Women need to beat down the doors to get to the top in venture capital

Published in UT San Diego, November 18, 2013

Having access to venture money is key to growing a high-value company, but the low number of female associates and partners in venture-capital firms makes it harder for female entrepreneurs because “they have a difficult time establishing connections that lead to investment,” according to Gatekeepers of Venture Growth, a report published by the Kauffman Foundation.

In 2011, only 11 percent of the investment professionals at venture firms were women, says a survey by the National Venture Capital Association and Dow Jones VentureSource. The numbers have changed very little in the last 11 years.

However, female founders are finally making some progress. In 2004, female-founded companies represented only 4 percent of all U.S. venture deals compared with a record 13 percent of deals through the first half of 2013, shows data from PitchBook.

So what is the path for a woman to become a partner at a top venture capital firm?

For Kim Kamdar, a partner with Domain Associates, the journey started with a love for science that led her to Northwestern University, where as an undergraduate she “beat down the doors” of her professors until one allowed her to work in his lab.

Next she obtained a doctorate in biochemistry and genetics, and against the urging of her advisers (who wanted her to stay in academia and avoid “the dark side of industry”), she joined a pharmaceutical company that eventually became Novartis. As a young scientist at Novartis, she proposed a research project, secured funding from corporate headquarters in Switzerland, and was chosen to lead the team.

While visiting a Novartis affiliate in San Diego, she learned about the Kauffman Fellowship, a two-year program during which the participants work full time at a venture firm or another type of investment organization and also go through a structured curriculum tailored to their needs and interests. In 2003, Kamdar was accepted, and after she finished, she joined Domain as an associate in 2005, becoming a partner in 2011. Domain, started in 1985, focuses exclusively on the life-sciences sector and has raised more than $2.7 billion.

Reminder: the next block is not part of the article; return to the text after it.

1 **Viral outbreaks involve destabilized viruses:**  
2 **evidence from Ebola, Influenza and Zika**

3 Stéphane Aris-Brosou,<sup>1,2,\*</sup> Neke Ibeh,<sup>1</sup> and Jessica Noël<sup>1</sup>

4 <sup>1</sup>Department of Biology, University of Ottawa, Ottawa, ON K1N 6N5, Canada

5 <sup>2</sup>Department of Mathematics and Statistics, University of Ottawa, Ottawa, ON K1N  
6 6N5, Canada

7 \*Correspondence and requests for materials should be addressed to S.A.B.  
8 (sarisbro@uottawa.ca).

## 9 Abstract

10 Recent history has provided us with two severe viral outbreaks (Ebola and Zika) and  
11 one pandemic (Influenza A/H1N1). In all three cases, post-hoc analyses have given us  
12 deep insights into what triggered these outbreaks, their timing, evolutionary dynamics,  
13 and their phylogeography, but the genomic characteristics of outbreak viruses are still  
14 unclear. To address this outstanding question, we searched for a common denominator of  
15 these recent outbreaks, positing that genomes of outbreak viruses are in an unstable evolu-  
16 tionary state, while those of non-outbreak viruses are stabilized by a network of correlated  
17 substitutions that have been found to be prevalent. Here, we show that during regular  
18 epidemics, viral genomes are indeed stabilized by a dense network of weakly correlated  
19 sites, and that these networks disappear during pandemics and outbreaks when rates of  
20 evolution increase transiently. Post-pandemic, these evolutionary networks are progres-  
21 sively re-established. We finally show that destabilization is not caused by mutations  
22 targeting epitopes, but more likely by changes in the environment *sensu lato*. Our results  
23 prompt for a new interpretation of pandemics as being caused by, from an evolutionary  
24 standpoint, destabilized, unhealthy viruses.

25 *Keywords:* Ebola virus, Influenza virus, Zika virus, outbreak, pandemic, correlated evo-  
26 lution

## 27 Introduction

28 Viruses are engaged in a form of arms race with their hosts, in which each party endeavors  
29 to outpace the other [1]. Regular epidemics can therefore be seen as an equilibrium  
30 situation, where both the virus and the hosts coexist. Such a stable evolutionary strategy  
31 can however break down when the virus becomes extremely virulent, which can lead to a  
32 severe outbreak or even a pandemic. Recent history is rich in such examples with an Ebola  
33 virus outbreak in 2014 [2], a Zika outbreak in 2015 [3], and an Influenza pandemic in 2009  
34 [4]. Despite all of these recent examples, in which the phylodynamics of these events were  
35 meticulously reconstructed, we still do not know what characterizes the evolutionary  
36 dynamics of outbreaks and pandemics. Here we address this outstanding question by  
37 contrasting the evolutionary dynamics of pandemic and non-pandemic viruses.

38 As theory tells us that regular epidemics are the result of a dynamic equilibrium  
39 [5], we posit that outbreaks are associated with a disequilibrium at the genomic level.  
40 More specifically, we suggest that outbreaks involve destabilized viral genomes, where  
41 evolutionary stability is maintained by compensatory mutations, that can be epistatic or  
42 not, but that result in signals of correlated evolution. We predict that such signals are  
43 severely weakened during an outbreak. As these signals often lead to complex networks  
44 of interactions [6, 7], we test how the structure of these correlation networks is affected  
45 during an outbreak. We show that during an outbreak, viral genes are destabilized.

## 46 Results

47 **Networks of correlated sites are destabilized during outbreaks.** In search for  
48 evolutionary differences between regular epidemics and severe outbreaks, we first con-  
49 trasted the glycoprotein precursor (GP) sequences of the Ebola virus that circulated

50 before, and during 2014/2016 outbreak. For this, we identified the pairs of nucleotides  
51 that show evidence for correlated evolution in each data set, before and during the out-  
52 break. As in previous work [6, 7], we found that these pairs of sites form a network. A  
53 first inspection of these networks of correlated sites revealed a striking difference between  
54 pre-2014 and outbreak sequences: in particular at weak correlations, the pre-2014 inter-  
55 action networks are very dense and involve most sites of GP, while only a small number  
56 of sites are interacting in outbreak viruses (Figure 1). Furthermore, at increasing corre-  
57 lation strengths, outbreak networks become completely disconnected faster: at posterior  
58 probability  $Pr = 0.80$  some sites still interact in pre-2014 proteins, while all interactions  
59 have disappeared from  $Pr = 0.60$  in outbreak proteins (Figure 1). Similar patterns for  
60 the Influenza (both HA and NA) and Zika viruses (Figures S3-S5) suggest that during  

“When I was at Novartis, I thought that I was seeing a lot of technology and cutting-edge science. As a VC, I spend every day learning something new, and I get to work with people who are passionate about what they do and will do anything to get their technology and company off the ground,” Kamdar said. Her scientific background combined with her operating experience at Novartis have been instrumental in analyzing deals and then working with companies as they grow, helping position them for a financing or acquisition or deal with a problem executive.

Although she is one of a few female venture partners, she said that she has never felt that being a woman was an obstacle. At Novartis meetings in Switzerland, she was often the only “fraulein” in the room in a formal culture where men were addressed as “herr,” so she learned to stand up and be heard. Even recently, she said, she attended a meeting with partners from other venture firms, and she was the only woman out of about 40 participants. In contrast, three out of Domain’s 10 partners are women compared with 18 percent for life-sciences venture firms in general, according to the NVCA survey. Clean-tech had 15 percent, followed by information technology at 12 percent and the lowest percentage was in the non-high tech products and services sector at 8 percent.

One of the biggest challenges in building a venture-capital career, she said, is that it takes a long time to figure out if you’re any good. “If you’re doing well, you should fail early, particularly in the life sciences, which requires long lead times and lots of money. So in the beginning you may have a lot of failures, and you have to learn to remain calm under duress,” she said.

After gaining a solid foundation in science, Kamdar demonstrated curiosity, initiative, persistence and an ability to operate in diverse environments. Achieving success in venture capital is tough, and you need a unique set of skills and traits to become a partner at a major venture firm — a big accomplishment regardless of gender.

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Neil’s note: Rule No. 329: Fail early and fail often, but don’t make it a habit.

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